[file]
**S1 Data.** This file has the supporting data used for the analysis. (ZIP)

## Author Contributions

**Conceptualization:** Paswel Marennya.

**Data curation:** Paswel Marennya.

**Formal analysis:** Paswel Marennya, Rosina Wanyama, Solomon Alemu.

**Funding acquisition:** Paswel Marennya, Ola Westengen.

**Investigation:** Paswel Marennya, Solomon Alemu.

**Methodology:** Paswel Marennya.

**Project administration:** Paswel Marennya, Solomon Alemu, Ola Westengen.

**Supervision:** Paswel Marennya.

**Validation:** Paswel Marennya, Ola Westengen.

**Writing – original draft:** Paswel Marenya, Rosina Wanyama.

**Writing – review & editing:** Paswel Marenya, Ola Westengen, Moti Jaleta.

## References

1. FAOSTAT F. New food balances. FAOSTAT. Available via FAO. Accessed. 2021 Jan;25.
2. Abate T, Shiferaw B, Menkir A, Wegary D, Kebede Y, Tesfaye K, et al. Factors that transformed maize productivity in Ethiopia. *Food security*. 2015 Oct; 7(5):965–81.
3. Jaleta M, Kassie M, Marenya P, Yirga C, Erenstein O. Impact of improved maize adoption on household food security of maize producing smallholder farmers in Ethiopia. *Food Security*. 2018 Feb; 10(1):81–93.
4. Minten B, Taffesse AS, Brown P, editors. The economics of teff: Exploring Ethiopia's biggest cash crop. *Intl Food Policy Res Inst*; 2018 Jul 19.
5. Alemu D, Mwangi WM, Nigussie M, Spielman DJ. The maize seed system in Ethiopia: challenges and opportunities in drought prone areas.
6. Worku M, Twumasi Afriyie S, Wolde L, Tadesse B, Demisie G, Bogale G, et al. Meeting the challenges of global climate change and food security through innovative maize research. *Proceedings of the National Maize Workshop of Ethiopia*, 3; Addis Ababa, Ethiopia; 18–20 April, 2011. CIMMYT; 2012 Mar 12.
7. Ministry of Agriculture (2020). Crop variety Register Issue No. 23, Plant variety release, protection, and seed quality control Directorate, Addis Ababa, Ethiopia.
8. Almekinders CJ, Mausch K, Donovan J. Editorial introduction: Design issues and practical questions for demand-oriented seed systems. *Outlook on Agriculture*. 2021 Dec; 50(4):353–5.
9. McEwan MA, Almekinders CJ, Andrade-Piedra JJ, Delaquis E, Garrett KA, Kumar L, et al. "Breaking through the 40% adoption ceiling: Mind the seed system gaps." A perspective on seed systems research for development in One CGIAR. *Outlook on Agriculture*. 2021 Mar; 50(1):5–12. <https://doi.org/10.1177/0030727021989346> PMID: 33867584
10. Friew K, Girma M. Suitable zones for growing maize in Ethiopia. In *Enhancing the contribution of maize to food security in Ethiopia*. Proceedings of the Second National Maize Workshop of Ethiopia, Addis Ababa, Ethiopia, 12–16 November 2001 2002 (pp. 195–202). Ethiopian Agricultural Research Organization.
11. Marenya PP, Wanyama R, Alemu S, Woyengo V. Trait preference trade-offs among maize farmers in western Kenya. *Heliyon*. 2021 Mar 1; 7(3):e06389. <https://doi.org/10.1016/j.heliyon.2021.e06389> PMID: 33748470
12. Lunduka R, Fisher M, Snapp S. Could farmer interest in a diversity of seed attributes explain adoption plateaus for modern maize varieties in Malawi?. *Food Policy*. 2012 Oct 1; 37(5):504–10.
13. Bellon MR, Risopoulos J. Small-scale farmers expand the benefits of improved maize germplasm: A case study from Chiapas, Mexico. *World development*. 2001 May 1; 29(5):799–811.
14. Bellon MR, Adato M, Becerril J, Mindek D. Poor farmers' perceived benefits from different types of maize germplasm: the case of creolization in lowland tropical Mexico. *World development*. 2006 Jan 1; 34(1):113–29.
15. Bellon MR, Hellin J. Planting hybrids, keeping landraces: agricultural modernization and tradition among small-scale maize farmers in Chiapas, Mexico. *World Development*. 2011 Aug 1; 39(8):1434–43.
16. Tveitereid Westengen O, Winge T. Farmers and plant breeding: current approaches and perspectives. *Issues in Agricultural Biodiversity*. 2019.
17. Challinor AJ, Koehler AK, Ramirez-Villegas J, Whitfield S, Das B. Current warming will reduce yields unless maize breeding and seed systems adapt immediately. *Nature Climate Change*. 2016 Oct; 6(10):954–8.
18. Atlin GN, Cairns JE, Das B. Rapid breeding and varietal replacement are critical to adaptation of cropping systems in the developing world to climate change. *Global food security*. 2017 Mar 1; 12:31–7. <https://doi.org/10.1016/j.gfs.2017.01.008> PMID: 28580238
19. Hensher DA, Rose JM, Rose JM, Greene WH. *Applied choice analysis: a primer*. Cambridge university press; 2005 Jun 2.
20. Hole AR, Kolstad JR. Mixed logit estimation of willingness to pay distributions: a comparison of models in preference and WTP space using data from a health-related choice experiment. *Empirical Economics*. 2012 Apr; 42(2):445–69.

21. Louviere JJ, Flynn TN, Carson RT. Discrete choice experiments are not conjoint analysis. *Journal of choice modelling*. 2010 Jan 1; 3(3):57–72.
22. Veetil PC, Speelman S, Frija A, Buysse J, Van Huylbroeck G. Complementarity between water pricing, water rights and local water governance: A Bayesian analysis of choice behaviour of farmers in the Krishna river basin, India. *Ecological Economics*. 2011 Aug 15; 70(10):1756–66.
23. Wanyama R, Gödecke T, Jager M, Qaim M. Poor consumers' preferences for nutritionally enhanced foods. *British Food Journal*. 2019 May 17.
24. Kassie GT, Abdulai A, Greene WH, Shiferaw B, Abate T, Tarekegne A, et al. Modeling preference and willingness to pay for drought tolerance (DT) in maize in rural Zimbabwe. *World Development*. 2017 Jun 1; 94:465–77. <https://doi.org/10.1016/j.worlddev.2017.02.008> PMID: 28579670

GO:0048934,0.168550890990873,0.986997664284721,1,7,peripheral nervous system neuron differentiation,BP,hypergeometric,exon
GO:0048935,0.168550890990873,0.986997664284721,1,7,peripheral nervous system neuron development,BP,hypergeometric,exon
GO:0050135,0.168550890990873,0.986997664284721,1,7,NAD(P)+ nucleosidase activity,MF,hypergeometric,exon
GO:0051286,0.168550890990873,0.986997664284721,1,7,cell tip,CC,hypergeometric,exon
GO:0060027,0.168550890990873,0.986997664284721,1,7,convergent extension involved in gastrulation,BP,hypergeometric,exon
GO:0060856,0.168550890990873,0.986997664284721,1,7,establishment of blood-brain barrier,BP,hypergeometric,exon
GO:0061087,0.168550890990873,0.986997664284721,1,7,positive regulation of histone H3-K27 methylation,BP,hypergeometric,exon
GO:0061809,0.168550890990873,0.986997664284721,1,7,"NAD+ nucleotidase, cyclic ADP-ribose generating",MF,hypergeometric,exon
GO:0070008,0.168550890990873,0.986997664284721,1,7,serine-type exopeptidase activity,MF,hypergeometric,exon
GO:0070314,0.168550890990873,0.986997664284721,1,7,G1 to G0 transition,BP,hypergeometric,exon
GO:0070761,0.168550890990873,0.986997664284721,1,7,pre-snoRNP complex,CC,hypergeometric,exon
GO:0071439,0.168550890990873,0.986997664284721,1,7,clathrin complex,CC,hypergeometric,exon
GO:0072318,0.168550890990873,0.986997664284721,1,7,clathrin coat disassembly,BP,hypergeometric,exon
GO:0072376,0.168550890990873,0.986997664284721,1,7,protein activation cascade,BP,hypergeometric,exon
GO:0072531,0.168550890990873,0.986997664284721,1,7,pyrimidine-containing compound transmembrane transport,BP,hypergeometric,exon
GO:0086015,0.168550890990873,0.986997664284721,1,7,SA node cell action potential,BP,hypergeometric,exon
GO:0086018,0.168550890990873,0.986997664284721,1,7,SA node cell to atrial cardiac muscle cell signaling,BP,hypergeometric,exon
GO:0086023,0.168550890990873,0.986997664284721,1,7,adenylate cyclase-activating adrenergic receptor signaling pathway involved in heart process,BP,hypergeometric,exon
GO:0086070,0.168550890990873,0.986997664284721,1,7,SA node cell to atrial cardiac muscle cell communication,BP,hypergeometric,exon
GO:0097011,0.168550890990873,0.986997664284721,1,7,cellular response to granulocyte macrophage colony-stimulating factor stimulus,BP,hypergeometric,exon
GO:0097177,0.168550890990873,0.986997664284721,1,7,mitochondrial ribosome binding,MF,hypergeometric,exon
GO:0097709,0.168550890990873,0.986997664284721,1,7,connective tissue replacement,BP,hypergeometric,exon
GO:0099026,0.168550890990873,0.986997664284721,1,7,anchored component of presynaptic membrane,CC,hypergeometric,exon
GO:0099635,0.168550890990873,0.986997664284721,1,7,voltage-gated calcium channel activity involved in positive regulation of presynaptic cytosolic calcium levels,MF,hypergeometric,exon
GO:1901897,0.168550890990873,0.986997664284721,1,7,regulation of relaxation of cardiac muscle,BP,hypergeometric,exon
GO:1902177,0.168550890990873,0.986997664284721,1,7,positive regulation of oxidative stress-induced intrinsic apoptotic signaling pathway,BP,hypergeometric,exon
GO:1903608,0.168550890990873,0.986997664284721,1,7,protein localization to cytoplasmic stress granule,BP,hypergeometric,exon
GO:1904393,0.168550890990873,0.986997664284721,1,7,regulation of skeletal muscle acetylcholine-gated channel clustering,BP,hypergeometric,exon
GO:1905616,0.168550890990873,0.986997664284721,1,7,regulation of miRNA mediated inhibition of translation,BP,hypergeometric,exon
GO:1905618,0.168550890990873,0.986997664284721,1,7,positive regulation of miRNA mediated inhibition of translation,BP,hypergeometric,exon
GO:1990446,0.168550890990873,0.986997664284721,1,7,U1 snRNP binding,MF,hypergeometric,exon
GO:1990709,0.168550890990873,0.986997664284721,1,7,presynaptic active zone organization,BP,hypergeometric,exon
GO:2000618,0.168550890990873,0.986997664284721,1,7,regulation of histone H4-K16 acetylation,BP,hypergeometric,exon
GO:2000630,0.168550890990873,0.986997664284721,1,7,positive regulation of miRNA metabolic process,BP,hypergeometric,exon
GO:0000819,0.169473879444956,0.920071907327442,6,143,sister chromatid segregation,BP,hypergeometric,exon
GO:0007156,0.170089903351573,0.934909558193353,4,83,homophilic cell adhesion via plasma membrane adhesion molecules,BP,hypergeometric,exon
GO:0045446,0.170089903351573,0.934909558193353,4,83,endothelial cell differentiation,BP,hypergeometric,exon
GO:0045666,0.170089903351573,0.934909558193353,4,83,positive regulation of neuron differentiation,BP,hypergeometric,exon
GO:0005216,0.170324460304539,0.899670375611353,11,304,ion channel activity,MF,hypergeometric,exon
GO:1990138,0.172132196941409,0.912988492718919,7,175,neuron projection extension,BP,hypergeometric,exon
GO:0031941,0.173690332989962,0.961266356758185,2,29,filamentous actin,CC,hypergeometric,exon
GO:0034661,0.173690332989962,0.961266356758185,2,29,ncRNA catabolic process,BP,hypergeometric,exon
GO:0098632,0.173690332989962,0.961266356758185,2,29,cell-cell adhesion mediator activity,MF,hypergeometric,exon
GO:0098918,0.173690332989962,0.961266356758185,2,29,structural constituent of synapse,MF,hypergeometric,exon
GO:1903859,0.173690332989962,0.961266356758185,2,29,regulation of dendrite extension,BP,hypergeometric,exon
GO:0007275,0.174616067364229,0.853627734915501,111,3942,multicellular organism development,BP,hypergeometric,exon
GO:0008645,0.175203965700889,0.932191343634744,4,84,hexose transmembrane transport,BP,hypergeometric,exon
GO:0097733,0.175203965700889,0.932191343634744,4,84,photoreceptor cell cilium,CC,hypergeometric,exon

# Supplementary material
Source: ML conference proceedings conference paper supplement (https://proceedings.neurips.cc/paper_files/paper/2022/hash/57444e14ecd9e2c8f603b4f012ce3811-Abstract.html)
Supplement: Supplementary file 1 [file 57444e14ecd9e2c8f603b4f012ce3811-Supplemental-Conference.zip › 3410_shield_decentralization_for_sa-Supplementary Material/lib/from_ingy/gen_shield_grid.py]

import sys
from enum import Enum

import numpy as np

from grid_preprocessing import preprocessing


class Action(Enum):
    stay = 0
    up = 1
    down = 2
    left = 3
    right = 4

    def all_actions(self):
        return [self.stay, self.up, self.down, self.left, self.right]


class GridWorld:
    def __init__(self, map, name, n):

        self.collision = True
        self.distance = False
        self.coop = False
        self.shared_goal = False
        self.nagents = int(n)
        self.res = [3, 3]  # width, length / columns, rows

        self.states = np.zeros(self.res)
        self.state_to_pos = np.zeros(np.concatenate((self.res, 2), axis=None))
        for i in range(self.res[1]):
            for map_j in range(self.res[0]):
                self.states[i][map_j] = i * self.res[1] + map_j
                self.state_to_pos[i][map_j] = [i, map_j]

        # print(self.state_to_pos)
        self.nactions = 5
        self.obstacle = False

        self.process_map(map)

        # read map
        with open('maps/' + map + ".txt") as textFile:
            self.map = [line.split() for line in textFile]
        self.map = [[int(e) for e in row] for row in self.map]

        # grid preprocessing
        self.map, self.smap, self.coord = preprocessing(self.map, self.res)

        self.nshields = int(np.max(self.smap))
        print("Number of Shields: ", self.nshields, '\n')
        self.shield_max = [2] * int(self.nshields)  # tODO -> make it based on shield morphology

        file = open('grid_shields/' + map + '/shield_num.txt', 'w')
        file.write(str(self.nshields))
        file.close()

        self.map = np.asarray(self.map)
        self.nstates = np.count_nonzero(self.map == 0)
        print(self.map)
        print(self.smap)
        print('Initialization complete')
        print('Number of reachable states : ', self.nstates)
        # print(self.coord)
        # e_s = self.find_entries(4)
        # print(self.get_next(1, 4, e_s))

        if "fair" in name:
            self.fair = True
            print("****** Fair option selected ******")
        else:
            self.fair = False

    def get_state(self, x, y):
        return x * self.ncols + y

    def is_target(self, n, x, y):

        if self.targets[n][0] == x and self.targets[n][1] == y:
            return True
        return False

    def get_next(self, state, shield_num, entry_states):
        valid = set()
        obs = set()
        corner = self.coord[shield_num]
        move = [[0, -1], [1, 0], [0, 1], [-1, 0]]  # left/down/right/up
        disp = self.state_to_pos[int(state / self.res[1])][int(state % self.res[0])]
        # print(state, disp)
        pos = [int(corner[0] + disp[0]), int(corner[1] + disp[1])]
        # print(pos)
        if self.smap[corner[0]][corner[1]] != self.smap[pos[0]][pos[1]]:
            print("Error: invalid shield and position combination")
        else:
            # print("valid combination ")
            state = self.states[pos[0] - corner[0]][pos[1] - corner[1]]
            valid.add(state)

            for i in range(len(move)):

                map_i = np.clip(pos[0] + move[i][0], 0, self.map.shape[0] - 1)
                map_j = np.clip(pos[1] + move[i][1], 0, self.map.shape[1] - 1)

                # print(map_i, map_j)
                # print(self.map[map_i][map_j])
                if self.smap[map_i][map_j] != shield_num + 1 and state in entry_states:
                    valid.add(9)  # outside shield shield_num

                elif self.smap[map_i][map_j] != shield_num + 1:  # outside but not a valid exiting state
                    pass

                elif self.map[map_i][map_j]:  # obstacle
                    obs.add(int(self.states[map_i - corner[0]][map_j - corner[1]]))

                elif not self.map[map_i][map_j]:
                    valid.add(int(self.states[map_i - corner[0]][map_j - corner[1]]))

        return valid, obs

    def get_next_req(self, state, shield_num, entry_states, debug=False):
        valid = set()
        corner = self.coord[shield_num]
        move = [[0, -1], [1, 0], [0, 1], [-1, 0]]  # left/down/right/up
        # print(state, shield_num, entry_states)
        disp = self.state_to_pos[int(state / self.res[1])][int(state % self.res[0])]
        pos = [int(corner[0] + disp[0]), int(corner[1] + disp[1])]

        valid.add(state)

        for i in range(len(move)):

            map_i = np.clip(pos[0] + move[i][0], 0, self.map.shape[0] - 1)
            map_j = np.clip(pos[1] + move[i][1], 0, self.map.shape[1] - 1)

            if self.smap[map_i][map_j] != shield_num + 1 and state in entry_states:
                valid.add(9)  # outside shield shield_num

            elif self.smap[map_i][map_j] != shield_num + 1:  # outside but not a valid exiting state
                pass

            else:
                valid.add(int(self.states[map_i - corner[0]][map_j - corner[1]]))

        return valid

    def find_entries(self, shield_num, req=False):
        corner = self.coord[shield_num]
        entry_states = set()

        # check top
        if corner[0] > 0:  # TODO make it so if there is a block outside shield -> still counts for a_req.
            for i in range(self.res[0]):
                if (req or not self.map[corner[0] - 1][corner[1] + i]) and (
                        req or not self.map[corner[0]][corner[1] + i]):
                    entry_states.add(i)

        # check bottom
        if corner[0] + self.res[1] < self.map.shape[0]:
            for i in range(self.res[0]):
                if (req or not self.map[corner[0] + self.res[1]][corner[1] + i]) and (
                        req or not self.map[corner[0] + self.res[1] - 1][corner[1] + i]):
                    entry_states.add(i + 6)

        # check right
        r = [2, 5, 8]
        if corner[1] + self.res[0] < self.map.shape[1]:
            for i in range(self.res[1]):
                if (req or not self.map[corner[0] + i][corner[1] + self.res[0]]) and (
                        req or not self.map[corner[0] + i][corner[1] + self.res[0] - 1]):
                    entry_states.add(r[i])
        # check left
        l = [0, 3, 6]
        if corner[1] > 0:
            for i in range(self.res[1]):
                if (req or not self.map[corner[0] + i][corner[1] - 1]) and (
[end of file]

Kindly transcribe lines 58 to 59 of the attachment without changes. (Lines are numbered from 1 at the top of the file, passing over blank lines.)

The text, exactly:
GO:0097011,0.168550890990873,0.986997664284721,1,7,cellular response to granulocyte macrophage colony-stimulating factor stimulus,BP,hypergeometric,exon
GO:0097177,0.168550890990873,0.986997664284721,1,7,mitochondrial ribosome binding,MF,hypergeometric,exon